Saturday, May 24, 2008

RIde of the Raiders

Chris and I spent last night getting ready for this ride because we had to leave the house SO early this morning. We had to meet the group at Compo Beach in Westport at 7:30 for this ride, which was a fundraiser for the Westport Historical Society .

The plan was to ride to Danbury and back along the route that the British Army took during the raid on Danbury. I found the concept interesting, as often times I ride along these roads I know have a 200 year old plus history, and often I read the markers, think about the ghosts of the foundations in the woods, the walls that marked pastures, etc. The point of todays ride was to point out all those things I often wonder about, but never get to talk about.

As we headed out of Westport, away from the coast the terrain starts to change. I find myself thinking about several things that my friend Deej had said at the start; the area was deforested as it was all pastureland. Climbing a ridge meant that you could see the sound. There was a comparison made to the contemporary wars in which raids take on a similar format, time changes but history repeats...

As we head out onto the Post Road, Chris takes off riding and misses a turn completely. I give chase, but it was the guy behind me who managed to catch him. He was a bit embarrassed and chose to stay with me a bit until my pace was uncomfortable (5 minutes later). He rode up ahead with the group for awhile again heading to the front of the pack with ease and then I lost sight of him, then I lost sight of the group...then my mothers angst set in and I started to get a bit panicky. I really had to stop and live up to my stump queen name, but I had this thought that Chris took off after some rogue cycling group and would eventually find him lost in CT with no cell service. Oh how the mind wonders, I caught the group at the Bluebird Inn. I relaxed a bit but this would happen several more times over the course of the day. Mostly though, Chris stayed with my little group talking to Deej and Scott. I think he actually liked hearing the stories.

The group as a whole, fell apart before we hit Bethel. Actually, one wrong turn kind of dispelled the group. First we tried recon work, again chasing down the pack, (of course Chris was with them and seemed a bit surprised to see me pretty much right on his tail- my interval training now complete for the day) which worked to some extent. I caught up to them waiting by the park but I wasn't sure the back of the pack had followed me, I wasn't sure what to do. Some of the people wanted to go back, some wanted to go ahead, we decided to that we would get to 302 in Bethel and just wait, as that was a spot on the route that seemed doable from where we were. As we embark on that decision that back of the pack catches up. We gather at a left turn we are supposed to take, discussing the logistics of the route. Some go left, some continue on the route we were on. The group was essentially shattered at this point. We plod on into Bethel and then Danbury. My chain seized up in the middle of an intersection at the Danbury/Bethel line. I could almost hear Mikey going OH OH ... but I managed to clip out before the fall into traffic. As we wind our way through Danbury, we stop at a place for lunch where they had stopped in past years only to find the place no longer making sandwiches. We were only a couple of blocks from Hanna's on Lake Ave so we headed there. At this point I was in home territory so my navigational skills took over for a while to get us back onto the route.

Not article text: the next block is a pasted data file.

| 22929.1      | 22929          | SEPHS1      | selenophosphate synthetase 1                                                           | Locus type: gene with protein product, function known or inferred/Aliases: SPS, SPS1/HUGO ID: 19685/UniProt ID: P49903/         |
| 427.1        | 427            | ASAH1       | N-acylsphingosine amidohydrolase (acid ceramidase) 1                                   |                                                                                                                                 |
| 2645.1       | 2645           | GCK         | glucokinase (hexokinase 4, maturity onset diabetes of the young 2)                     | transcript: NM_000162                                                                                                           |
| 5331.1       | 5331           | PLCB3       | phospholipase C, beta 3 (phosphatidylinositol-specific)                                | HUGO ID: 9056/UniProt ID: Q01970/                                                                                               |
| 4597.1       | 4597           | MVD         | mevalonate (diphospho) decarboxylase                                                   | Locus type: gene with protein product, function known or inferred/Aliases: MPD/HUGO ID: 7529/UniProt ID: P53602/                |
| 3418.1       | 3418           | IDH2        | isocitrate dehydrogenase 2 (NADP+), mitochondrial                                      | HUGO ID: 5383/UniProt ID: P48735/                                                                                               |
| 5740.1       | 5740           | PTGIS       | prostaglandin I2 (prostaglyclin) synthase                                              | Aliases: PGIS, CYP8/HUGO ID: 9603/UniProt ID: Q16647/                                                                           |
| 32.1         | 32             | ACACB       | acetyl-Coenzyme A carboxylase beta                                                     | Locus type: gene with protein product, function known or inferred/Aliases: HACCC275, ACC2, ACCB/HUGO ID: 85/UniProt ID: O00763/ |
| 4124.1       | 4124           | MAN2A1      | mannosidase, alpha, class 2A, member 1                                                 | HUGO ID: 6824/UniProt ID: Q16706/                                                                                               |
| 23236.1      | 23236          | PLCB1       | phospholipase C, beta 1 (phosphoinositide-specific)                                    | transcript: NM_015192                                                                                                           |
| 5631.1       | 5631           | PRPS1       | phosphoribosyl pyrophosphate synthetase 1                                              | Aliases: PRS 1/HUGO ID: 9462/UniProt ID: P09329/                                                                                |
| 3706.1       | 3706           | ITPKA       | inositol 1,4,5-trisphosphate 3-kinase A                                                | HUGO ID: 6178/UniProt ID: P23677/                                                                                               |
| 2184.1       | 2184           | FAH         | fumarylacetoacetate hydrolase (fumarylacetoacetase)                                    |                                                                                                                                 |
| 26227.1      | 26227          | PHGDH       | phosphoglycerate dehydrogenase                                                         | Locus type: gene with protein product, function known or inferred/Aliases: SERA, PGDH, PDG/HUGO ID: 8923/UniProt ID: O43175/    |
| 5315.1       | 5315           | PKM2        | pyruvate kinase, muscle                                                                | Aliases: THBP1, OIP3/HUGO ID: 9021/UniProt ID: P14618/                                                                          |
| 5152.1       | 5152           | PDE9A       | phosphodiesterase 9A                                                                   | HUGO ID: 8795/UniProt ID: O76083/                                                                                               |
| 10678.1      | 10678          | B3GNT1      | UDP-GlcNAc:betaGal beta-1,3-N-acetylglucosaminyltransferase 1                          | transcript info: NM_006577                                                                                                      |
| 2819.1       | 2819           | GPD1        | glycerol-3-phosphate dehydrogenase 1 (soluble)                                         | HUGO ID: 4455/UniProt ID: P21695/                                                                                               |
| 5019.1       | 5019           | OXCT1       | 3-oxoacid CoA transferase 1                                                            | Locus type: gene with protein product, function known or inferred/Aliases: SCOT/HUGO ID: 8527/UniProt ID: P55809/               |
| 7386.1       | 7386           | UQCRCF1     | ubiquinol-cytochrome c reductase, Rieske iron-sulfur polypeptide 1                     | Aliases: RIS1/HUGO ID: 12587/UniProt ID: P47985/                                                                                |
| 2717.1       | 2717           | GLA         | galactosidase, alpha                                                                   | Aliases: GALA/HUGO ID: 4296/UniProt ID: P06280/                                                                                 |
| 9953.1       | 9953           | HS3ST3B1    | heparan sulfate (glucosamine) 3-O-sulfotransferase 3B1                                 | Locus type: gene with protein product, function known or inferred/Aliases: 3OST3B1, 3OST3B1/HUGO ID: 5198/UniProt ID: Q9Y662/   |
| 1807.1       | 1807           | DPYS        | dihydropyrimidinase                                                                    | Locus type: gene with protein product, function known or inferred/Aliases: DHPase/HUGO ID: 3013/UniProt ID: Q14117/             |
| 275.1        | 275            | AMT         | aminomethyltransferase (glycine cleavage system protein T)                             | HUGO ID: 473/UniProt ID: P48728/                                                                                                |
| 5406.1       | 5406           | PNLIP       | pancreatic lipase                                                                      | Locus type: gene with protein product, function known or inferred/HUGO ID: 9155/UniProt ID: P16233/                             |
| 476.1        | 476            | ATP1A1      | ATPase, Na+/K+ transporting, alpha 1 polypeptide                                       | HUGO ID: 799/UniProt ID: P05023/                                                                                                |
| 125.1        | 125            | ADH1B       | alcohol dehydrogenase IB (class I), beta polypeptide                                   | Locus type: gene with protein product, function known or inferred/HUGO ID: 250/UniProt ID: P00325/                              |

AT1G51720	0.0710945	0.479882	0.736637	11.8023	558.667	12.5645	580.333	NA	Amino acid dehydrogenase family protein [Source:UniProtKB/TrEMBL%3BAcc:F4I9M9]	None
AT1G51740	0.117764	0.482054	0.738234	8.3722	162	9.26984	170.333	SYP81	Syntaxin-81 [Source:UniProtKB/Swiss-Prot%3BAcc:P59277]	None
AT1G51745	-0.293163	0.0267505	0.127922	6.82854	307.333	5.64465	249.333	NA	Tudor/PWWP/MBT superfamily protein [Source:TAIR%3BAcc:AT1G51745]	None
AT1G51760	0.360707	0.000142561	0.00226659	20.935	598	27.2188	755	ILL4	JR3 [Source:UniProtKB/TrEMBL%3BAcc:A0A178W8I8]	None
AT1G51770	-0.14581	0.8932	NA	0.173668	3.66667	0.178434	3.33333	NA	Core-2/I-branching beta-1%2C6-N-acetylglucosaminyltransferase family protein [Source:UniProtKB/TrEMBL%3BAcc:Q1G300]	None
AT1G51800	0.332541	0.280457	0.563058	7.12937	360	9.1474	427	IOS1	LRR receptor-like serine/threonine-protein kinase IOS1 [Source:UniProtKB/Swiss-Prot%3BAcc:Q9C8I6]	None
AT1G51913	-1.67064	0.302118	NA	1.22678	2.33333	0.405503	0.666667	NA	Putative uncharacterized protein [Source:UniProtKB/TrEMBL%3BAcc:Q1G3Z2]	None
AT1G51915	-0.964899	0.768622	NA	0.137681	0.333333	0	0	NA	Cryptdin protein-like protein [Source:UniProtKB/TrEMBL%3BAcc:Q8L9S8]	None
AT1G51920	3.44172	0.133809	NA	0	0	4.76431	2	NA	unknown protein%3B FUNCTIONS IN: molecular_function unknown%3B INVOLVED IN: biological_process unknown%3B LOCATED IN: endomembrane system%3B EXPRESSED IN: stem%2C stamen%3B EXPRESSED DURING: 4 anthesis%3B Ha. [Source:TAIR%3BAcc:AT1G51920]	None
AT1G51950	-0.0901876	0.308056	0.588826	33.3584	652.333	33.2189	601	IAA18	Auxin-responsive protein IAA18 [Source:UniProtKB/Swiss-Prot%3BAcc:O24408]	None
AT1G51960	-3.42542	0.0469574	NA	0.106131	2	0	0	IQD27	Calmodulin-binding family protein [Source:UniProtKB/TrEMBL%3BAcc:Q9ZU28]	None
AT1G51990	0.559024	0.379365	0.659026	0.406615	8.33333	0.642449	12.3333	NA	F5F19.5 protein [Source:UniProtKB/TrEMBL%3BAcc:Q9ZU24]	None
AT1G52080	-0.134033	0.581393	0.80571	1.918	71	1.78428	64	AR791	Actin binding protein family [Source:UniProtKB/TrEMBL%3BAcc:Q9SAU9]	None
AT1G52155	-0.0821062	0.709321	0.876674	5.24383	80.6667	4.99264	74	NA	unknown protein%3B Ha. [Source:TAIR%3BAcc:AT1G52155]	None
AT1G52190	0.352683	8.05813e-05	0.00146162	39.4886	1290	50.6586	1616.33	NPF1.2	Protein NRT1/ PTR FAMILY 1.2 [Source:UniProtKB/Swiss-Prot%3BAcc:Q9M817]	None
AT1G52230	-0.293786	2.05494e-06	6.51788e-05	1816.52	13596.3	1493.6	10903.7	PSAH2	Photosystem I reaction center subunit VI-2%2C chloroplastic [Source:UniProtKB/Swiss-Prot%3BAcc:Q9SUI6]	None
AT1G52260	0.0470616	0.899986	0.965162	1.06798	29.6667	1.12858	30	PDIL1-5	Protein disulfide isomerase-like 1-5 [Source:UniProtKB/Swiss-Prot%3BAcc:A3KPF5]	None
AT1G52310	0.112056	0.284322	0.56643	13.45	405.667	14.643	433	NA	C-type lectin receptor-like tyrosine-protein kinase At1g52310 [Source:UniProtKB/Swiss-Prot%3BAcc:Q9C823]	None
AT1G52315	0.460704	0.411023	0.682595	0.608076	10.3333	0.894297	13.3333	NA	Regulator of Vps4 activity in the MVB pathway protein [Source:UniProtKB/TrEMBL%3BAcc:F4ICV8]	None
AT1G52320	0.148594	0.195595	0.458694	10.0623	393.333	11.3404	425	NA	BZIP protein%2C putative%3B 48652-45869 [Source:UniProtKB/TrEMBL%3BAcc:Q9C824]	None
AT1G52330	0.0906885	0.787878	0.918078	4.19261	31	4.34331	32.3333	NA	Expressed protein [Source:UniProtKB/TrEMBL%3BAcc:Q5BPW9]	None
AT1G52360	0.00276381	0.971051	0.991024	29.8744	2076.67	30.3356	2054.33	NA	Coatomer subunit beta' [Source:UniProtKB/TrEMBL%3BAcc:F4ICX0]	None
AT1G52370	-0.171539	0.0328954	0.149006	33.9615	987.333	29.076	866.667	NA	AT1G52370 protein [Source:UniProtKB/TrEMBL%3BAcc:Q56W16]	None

The route itself was a bit hilly, though nothing like last weekend. I found myself almost ready to crack at one point in Ridgefield at the thought of having to climb Barrack Hill Rd. I didn't mean to utter some negative words for the group to hear, they just came out. I was tired, I was near home and my body was wanting to go in that direction; my shoulder starting to twinge, the awesome chicken gyro I ate at Hanna's in Danbury sitting heavy, the thought of 20 more miles... Surprisingly, a stop in town soothed my attitude. Coffee was just the thing I needed. I settled into the rest of the ride quite nicely. I seemed to forget that the route back was mostly downhill so when my body kept rediscovering it, I was thrilled.

I was worried a bit about Chris, who seemed to be wearing thin and not eating well enough to sustain the rest of the miles. The gelato in Ridgefield was probably one of the best choices he could have made at that point. He had some issues with cramping in Wilton, actually I was sure it was something mechanical when he uttered I can't pedal on a hill. His groin muscles were in spasm. We stopped and made him down some E-gel and some water, spin on the downhills and be more conservative on the climbs. He pushed through it and had a wonderful finish to the ride.

The hardest part about training again is dealing with how much speed I have lost. My competitive soul has to deal with this major ego blow. I have only lost a few pounds since I have started this endeavor in January which is a bit disheartening. Here we go again, back to the ride 200 plus miles a week on average and eat right only to loose nothing. I try not to get discouraged, but sometimes I am just so frustrated with myself as I let the stress of a job let me slide back into an seemingly inescapable cravats. I find myself drawing on the real important task at hand, getting Chris ready to ride 800 miles and this time the coach actually gets to participate. I know that intervals will bring my speed back up, and we will start this sometime this week as Chris's track season will finally be over.

40-50 miles tomorrow.... maybe a White Pond visit?

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